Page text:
(8) By Simon Slavin (slavin) on 2021-04-11 17:13:55 in reply to 7 [link]

Timeout setting is not a setting of a database file, it's associated with each connection to the database.  If each web-page access makes its own connection, then you. need to set timeout for each one.  Which is what you're doing.

The number in the brackets is milliseconds.  20 seconds is a fine and reasonable timeout setting and you should have a usable setup with it.

(9) By ThanksRyan on 2021-04-11 20:12:34 in reply to 1 [link]

Looks like people on your reddit post also give you as much confidence as well:


(10) By anonymous on 2021-04-11 20:46:00 in reply to 8 [link]

How can one change the built-in default connection busy_timeout to something greater than zero (which seems impractical for default)?

I'm having similar issues; too many 'locked' messages from two processes that access the same database every few seconds.

(11) By Larry Brasfield (larrybr) on 2021-04-11 21:03:29 in reply to 10 [link]

Go to this page, https://sqlite.org/keyword_index.html , and search for the word "timeout".  The first hit leads to the <u>[busy_timeout pragma](https://sqlite.org/pragma.html#pragma_busy_timeout)</u>.

(12) By Richard Damon (RichardDamon) on 2021-04-11 21:48:57 in reply to 11 [link]

But I think this pragma is still just for the current connection. The question is how to set it so that connections default to a longer timeout than 0 by default without each connection needing to set its own timeout.

(13) By Tim Streater (Clothears) on 2021-04-11 21:57:53 in reply to 12 [link]

Include it in a wrapper function that also takes care of error handling and reporting when setting up the connection. That way you don't have to worry about it. AFAIK you always have to set the timeout each time you connect, or perhaps supply your own timeout function (not sure about that one).

(14) By Larry Brasfield (larrybr) on 2021-04-11 22:02:51 in reply to 12 [link]

There is no compile-time option for that default. The datum which holds this timeout is one of many that are initialized to 0 in a memset(...) call. To provide customized "defaults", a wrapper around one of the sqlite3_open*() calls would be easiest, short of modifying one of those calls directly.

(15) By Keith Medcalf (kmedcalf) on 2021-04-11 22:16:21 in reply to 12 [link]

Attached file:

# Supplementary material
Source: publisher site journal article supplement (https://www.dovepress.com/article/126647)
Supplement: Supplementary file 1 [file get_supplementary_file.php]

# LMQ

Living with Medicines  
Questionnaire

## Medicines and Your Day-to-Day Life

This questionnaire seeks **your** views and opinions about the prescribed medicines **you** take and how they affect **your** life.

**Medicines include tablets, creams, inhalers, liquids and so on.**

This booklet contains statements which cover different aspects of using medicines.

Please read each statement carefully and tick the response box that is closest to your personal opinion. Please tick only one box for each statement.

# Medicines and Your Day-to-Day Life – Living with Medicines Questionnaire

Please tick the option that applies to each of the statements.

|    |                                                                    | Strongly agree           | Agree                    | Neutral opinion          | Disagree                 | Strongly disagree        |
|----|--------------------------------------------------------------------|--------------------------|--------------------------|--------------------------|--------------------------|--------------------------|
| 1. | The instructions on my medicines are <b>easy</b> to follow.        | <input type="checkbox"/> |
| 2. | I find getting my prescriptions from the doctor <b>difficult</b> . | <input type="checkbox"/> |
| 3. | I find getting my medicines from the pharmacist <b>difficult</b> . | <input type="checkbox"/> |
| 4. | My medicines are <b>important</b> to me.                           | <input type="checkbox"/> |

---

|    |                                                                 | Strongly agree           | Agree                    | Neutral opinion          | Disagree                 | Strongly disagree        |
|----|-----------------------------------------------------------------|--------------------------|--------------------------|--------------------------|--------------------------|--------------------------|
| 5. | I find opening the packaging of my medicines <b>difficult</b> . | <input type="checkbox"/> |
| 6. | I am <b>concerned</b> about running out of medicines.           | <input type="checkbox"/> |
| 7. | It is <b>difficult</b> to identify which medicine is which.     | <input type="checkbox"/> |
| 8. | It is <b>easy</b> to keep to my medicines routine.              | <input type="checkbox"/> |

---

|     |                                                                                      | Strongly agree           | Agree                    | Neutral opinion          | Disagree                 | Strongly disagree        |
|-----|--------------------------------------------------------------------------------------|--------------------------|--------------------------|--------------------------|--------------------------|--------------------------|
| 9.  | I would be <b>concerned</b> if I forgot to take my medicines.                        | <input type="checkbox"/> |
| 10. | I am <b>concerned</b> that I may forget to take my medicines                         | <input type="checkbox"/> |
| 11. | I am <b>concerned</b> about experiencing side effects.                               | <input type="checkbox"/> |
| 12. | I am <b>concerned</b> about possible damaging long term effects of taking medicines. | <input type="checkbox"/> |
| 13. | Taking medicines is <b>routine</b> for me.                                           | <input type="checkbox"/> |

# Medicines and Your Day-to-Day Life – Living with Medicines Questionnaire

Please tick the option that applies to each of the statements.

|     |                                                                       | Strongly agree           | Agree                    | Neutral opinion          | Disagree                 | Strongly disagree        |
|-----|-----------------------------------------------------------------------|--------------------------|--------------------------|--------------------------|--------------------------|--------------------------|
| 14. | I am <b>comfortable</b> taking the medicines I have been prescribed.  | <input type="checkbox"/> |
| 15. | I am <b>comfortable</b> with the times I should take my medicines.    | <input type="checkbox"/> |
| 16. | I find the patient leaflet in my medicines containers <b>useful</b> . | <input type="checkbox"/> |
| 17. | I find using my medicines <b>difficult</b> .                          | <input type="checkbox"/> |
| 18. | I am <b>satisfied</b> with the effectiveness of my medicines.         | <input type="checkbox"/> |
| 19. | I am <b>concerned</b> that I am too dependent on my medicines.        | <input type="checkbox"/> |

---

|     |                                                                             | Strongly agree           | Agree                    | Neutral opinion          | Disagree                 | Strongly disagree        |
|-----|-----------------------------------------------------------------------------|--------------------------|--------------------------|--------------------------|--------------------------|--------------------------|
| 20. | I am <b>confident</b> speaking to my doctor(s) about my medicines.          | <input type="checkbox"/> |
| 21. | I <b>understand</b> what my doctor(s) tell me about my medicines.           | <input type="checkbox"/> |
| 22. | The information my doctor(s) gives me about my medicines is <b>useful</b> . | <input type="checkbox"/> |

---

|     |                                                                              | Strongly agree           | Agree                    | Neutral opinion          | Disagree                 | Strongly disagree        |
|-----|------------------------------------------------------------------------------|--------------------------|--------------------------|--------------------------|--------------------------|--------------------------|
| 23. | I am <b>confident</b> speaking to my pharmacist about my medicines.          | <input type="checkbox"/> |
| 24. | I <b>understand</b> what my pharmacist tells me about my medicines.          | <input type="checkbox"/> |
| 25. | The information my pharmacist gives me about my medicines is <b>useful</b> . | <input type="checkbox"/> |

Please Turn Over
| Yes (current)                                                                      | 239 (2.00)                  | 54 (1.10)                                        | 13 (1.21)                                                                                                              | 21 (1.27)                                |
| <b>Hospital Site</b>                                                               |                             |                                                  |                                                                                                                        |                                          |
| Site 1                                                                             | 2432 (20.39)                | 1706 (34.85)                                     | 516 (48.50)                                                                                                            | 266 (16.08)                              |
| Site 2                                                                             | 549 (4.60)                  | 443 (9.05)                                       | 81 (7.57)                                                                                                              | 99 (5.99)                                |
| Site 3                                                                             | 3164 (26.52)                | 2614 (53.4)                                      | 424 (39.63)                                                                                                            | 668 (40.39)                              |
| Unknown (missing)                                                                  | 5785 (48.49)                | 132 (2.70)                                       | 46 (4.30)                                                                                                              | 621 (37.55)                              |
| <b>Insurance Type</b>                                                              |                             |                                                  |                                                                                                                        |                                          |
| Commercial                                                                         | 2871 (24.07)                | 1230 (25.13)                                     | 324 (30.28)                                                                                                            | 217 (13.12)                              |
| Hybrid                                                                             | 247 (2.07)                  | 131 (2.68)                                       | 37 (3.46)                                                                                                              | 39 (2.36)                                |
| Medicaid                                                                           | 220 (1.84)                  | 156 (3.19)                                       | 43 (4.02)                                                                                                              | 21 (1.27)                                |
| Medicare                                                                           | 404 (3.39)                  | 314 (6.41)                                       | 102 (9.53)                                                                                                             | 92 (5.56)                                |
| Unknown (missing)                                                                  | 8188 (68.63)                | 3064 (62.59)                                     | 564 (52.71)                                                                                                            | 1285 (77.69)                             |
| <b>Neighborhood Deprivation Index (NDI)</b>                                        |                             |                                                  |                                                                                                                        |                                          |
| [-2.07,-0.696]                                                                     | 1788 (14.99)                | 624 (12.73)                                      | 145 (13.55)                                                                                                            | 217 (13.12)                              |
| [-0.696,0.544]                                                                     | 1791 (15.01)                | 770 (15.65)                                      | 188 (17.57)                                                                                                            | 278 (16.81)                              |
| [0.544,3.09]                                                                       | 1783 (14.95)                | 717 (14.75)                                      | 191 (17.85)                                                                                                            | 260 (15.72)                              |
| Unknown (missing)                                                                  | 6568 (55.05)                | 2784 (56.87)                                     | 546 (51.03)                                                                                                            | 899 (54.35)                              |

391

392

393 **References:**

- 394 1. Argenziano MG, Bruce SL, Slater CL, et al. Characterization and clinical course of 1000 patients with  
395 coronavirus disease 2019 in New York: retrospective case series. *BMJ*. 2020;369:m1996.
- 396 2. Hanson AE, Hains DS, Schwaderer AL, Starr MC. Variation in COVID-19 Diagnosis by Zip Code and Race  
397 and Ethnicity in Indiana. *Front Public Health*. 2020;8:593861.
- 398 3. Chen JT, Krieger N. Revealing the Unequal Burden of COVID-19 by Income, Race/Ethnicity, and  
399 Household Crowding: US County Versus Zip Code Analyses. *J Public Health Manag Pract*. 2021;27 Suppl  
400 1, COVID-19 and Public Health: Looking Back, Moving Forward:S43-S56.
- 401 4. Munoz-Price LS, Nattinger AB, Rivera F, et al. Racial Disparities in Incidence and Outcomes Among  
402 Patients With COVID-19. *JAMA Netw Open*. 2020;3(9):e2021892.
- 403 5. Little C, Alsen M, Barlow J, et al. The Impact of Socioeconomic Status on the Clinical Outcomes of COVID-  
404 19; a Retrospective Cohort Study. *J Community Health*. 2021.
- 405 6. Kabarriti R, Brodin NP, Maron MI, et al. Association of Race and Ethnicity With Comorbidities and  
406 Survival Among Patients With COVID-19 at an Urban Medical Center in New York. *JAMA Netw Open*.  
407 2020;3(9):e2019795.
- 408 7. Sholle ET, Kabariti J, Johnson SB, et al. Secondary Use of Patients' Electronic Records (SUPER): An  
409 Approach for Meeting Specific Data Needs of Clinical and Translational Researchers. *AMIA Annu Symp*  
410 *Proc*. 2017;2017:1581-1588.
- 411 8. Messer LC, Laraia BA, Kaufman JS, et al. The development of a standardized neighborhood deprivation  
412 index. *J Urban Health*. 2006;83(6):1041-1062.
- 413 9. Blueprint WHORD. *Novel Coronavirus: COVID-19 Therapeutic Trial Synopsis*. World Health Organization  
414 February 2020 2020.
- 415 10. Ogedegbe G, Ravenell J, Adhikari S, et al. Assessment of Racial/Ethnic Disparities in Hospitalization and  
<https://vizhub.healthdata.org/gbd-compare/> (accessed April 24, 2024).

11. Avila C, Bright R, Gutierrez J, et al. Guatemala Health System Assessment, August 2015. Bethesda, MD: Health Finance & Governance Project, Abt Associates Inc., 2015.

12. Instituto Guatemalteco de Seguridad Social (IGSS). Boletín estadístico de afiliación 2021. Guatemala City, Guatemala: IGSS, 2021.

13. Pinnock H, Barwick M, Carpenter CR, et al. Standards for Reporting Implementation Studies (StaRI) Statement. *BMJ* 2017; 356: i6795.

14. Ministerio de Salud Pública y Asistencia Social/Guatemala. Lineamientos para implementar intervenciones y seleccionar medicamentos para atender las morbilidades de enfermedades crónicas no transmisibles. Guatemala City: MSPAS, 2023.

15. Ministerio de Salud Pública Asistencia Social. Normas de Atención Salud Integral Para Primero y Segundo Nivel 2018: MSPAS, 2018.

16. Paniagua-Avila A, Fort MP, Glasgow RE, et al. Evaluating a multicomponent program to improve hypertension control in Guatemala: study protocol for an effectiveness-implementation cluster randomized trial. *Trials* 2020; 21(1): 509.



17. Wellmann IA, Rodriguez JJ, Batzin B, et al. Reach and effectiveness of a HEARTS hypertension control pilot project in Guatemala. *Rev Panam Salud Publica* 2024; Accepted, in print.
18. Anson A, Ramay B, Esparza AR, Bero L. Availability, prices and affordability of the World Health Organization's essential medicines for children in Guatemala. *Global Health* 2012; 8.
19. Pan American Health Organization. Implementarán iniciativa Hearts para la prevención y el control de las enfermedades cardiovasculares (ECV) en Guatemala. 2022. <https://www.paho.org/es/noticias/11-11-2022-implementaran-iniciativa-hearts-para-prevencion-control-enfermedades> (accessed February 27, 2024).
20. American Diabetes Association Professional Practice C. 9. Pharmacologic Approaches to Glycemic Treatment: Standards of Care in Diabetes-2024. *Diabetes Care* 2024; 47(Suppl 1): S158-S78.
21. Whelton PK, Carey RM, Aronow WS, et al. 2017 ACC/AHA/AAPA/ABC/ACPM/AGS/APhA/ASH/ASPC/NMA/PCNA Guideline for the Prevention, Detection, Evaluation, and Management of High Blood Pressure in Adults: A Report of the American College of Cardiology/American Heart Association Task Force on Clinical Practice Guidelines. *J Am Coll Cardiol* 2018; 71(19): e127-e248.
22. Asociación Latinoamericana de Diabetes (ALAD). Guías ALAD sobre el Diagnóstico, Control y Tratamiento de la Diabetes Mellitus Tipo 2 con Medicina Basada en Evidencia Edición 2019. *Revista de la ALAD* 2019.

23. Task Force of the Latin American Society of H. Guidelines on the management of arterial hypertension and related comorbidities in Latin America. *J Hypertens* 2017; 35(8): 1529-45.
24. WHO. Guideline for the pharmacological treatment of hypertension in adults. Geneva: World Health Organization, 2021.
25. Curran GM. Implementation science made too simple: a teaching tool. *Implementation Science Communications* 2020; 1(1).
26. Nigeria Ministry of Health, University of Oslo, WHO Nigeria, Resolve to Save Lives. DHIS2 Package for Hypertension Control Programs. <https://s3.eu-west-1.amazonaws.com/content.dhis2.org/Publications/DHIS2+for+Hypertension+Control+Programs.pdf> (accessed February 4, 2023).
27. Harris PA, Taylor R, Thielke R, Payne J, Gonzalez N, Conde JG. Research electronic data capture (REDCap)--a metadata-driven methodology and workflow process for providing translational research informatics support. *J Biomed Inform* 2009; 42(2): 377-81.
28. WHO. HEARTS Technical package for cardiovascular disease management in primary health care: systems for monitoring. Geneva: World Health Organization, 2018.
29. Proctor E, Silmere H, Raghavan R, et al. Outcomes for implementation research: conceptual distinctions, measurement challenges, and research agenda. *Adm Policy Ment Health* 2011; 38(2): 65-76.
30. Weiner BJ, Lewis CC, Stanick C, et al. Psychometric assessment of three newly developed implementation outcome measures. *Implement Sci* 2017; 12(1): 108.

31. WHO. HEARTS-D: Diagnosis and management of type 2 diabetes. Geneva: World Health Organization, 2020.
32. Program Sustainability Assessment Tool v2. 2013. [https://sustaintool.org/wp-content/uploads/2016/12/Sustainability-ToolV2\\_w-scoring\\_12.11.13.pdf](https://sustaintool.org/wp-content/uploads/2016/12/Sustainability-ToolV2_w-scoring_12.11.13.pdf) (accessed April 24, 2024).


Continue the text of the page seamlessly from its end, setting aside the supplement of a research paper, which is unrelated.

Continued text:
Create en extension that sets the timeout then register it in the autoexec list.

#include "sqlite3ext.h"

static int sqlite_set_autobusy(sqlite3 *db, char** pzErrMsg, void* pApi)
   return sqlite3_busy_timeout(db, 60000);

#ifdef _WIN32
int sqlite3_autobusy_init(sqlite3 *db, char **pzErrMsg, const sqlite3_api_routines *pApi)

    sqlite3_busy_timeout(db, 60000);

(16) By Keith Medcalf (kmedcalf) on 2021-04-11 22:37:37 in reply to 15 [link]

That return code should be `SQLITE_OK_LOAD_PERMANENTLY`

(17) By anonymous on 2021-04-11 22:51:01 in reply to 10 [link]

I meant to change the built-in default so that I can simply replace the sqlite3.dll without access to the applications that use it (but which I know do not change that pragma)?

(18) By Larry Brasfield (larrybr) on 2021-04-12 01:04:27 in reply to 17 [link]

You will not be able to do that without altering the SQLite3 code. However, if you can settle for building something which behaves as if you had done that, you can create a shim DLL which mostly just passes some/most calls through to a "real" SQLite3 DLL but does something different some select calls, such as the wrapping suggested elsewhere in this thread.

(19) By David Raymond (dvdraymond) on 2021-04-13 13:01:22 in reply to 4 [link]

> PRAGMA journal_mode = WAL;

> The script gets called in a loop from just **two different machines on the network.**

Just to make sure I'm understanding this right, each of those two machines is accessing its own separate database. Right? Because WAL mode doesn't work across different machines.

Or is that perhaps part of your problem :)